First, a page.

Ludwig von Mises addresses both of the above points in a passage in Human Action that discusses the price premium (a.k.a. the inflation premium) embedded in gross market interest rates:
[T]he price premium is the outgrowth of speculations having regard for anticipated changes in the money relation. What induces it, in the case of the expectation that an inflationary trend will keep on going, is already the first sign of that phenomenon which later, when it becomes general, is called "flight into real values" and finally produces the crack-up boom and the crash of the monetary system concerned.
As in every case of the understanding of future developments, it is possible that the speculators may err, that the inflationary or deflationary movement will be stopped or slowed down, and that prices will differ from what they expected.
Mises had a thing or two to say about inflation and how it progresses.
Photo vie Mises Institute
Mises also discusses the "crossing of the threshold" and the non-linear nature of a breakdown in the public's confidence in state-issued money. The important point that has to be stressed here is that the money supply can be inflated for a very long time without causing an undue increase in all prices. As long as the public expects that inflationary policies are going to be reversed, its actions will in fact work against price increases (such as decisions to increase cash balances in order to wait for prices to decline). Only when the public's expectations finally change will the trend get out of hand:
The course of a progressing inflation is this: At the beginning the inflow of additional money makes the prices of some commodities and services rise; other prices rise later. The price rise affects the various commodities and services, as has been shown, at different dates and to a different extent.
This first stage of the inflationary process may last for many years. While it lasts, the prices of many goods and services are not yet adjusted to the altered money relation. There are still people in the country who have not yet become aware of the fact that they are confronted with a price revolution which will finally result in a considerable rise of all prices, although the extent of this rise will not be the same in the various commodities and services. These people still believe that prices one day will drop. Waiting for this day, they restrict their purchases and concomitantly increase their cash holdings. As long as such ideas are still held by public opinion, it is not yet too late for the government to abandon its inflationary policy.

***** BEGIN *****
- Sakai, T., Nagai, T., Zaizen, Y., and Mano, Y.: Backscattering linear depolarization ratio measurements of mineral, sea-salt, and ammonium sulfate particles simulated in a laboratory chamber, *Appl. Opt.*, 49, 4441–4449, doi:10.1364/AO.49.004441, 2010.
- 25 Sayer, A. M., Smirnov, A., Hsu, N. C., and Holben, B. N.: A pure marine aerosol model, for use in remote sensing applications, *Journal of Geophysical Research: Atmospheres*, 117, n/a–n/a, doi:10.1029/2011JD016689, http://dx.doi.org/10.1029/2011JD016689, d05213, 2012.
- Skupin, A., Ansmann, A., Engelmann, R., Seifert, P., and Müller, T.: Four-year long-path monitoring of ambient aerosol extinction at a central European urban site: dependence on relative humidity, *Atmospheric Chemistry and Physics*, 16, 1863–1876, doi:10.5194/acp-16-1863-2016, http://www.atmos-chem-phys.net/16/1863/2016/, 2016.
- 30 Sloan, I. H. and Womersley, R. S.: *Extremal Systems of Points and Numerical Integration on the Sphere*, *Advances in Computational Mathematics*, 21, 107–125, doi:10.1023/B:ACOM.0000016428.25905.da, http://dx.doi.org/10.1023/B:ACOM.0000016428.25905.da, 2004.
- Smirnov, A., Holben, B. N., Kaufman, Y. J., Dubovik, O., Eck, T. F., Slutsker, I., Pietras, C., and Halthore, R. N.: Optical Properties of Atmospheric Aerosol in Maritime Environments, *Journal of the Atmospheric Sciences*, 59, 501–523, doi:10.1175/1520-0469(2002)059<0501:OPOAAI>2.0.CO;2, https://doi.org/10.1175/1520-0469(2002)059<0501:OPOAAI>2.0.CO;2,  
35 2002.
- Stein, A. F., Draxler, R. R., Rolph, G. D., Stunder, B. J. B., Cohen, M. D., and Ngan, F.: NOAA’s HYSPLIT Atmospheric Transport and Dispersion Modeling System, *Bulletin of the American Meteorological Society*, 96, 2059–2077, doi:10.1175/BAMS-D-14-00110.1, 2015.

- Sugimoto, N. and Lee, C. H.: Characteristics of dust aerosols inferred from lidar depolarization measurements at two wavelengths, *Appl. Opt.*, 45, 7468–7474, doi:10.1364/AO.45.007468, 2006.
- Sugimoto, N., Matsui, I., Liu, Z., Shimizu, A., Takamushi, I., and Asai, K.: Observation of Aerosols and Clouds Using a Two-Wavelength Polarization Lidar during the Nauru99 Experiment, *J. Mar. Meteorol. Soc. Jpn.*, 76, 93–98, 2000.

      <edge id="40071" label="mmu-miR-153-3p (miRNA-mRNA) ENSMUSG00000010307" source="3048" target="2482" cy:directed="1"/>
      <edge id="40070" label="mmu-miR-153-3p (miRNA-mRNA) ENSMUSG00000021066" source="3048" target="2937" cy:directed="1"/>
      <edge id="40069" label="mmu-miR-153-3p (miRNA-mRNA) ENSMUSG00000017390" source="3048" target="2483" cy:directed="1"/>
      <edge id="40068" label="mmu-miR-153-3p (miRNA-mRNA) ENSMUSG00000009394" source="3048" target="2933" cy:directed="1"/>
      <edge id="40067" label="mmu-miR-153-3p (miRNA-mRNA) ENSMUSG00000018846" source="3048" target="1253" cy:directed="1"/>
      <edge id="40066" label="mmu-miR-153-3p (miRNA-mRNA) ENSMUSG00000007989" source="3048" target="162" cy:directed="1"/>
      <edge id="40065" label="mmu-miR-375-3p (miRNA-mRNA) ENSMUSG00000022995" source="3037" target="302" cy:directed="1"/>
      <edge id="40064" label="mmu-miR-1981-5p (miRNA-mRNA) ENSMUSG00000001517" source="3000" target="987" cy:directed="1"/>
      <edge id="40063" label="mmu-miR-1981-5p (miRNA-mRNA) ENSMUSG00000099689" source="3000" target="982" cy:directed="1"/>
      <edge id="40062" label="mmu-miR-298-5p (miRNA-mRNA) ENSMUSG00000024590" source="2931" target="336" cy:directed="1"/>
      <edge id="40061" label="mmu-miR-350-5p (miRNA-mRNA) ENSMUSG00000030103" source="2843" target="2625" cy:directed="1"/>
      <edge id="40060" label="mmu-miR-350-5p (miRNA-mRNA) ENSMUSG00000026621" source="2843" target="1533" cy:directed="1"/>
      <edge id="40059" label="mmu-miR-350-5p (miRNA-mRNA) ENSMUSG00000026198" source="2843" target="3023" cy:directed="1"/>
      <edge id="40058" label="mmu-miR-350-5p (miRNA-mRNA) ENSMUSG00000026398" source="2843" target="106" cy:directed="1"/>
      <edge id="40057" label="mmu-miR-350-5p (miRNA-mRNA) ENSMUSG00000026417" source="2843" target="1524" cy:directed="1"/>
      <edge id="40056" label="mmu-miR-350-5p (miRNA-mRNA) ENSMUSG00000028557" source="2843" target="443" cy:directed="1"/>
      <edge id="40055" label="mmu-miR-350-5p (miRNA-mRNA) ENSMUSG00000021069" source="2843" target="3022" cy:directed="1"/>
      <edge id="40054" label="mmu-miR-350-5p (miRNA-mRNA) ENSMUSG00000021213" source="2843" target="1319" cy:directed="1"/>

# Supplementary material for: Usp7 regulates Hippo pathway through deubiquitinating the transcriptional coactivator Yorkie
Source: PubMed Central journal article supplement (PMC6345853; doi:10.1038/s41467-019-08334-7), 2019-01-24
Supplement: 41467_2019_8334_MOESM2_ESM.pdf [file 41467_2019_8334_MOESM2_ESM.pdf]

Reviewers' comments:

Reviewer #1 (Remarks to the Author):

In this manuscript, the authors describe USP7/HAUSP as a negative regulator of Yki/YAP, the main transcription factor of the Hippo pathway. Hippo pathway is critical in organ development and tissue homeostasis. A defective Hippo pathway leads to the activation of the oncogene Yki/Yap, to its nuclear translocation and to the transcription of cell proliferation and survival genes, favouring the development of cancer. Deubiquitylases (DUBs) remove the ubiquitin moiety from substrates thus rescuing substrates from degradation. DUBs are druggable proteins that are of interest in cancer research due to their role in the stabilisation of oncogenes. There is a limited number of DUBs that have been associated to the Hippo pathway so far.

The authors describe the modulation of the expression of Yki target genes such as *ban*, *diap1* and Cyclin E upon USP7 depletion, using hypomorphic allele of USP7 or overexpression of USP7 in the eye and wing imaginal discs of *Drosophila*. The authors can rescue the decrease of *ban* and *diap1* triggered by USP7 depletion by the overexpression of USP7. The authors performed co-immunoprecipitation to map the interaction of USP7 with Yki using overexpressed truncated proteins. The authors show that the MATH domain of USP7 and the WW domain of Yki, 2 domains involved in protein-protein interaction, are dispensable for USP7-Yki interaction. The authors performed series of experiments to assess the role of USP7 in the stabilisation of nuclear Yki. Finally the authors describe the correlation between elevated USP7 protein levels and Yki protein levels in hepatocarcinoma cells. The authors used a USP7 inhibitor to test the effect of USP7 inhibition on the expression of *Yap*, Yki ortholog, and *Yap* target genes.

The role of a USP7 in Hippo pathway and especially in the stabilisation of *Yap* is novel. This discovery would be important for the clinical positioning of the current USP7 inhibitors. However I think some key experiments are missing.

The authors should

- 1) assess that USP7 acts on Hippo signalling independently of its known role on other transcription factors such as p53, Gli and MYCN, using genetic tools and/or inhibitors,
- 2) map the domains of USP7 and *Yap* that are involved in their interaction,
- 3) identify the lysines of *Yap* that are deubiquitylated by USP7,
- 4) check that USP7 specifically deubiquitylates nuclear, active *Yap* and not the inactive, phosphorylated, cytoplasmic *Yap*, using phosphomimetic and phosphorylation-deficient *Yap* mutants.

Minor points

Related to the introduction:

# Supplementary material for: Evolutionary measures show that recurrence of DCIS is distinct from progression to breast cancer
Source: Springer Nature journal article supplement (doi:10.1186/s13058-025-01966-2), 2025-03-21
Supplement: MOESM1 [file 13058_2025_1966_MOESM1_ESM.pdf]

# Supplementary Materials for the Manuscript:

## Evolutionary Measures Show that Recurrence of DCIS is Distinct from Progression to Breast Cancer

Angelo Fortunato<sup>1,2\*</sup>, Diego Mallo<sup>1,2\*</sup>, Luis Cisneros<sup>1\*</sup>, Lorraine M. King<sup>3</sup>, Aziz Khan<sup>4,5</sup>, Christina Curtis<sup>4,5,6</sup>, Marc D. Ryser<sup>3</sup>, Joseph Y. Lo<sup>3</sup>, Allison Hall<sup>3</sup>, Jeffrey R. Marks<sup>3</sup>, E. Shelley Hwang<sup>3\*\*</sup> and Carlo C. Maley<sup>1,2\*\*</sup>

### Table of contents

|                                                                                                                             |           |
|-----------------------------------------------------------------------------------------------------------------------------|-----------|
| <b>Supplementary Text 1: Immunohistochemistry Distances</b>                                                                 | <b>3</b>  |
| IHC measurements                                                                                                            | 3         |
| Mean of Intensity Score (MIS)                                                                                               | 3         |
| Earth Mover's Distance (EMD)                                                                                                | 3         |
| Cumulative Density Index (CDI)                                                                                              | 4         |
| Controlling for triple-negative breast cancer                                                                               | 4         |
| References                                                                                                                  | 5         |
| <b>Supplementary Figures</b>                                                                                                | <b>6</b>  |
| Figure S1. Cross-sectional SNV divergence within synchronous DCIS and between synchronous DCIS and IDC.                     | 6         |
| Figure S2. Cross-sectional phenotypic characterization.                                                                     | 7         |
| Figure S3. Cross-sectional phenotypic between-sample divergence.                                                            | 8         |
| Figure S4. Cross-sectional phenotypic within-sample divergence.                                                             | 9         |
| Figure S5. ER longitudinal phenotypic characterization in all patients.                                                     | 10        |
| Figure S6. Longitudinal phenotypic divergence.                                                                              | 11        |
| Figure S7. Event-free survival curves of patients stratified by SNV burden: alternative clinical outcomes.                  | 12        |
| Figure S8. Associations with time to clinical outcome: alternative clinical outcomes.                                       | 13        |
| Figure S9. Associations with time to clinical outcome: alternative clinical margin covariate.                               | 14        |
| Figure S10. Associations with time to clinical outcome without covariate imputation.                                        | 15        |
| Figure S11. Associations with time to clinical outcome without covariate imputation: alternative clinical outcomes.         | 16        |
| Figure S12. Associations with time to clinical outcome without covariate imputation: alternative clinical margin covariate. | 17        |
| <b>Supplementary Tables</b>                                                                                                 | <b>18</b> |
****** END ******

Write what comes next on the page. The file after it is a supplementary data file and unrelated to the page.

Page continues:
But then finally the masses wake up. They become suddenly aware of the fact that inflation is a deliberate policy and will go on endlessly. A breakdown occurs. The crack-up boom appears. Everybody is anxious to swap his money against "real" goods, no matter whether he needs them or not, no matter how much money he has to pay for them. Within a very short time, within a few weeks or even days, the things which were used as money are no longer used as media of exchange. They become scrap paper. Nobody wants to give away anything against them.
It seems increasingly likely that some form of "helicopter money" (i.e., outright and explicitly permanent monetary financing of government spending) will be adopted by central banks as the next step in their misguided "fight against deflation" - or even simply in order to prevent a recession. Given that Japan is about a decade ahead of other developed countries in terms of monetary and fiscal experimentation, it is a likely candidate for going down this path first.
Obviously, it doesn't have to happen, and if it does, it may not happen in the near future just yet. However, Mr. Abe's threat of more stimulus spending indicates that an opportunity presents itself here. Let us not forget, the markets expect Mr. Kuroda to "do something," given that the BoJ keeps missing its absurd inflation target by miles.
Almost no-one expects price inflation to become a problem. Does anyone still remember the late 1970s? At the time almost no-one believed that disinflation and potentially even deflation would ever again become an issue. Allowing for this possibility was the most contrarian stance one could take at the time. And yet, money supply growth had been slowing for a few years already and was about to go negative (this finally happened in 1981).
Today the situation is the exact opposite. The money supply keeps growing by leaps and bounds in every major currency area, and "deflation" is the greatest fear. Not only is price inflation not considered a potential problem, policymakers are actually pining for it and are actively pursuing policies aimed at promoting it. This should certainly give everybody pause.
Addendum: The Bridge From Nowhere
Since we mentioned it above: here is the bridge from nowhere, also near Kyoto.
The counterpart to the "bridge to nowhere" - the bridge from nowhere.
Photo credit: Jeffrey Friedl
Charts by: BarChart, TradingEconomics, St. Louis Federal Reserve Research.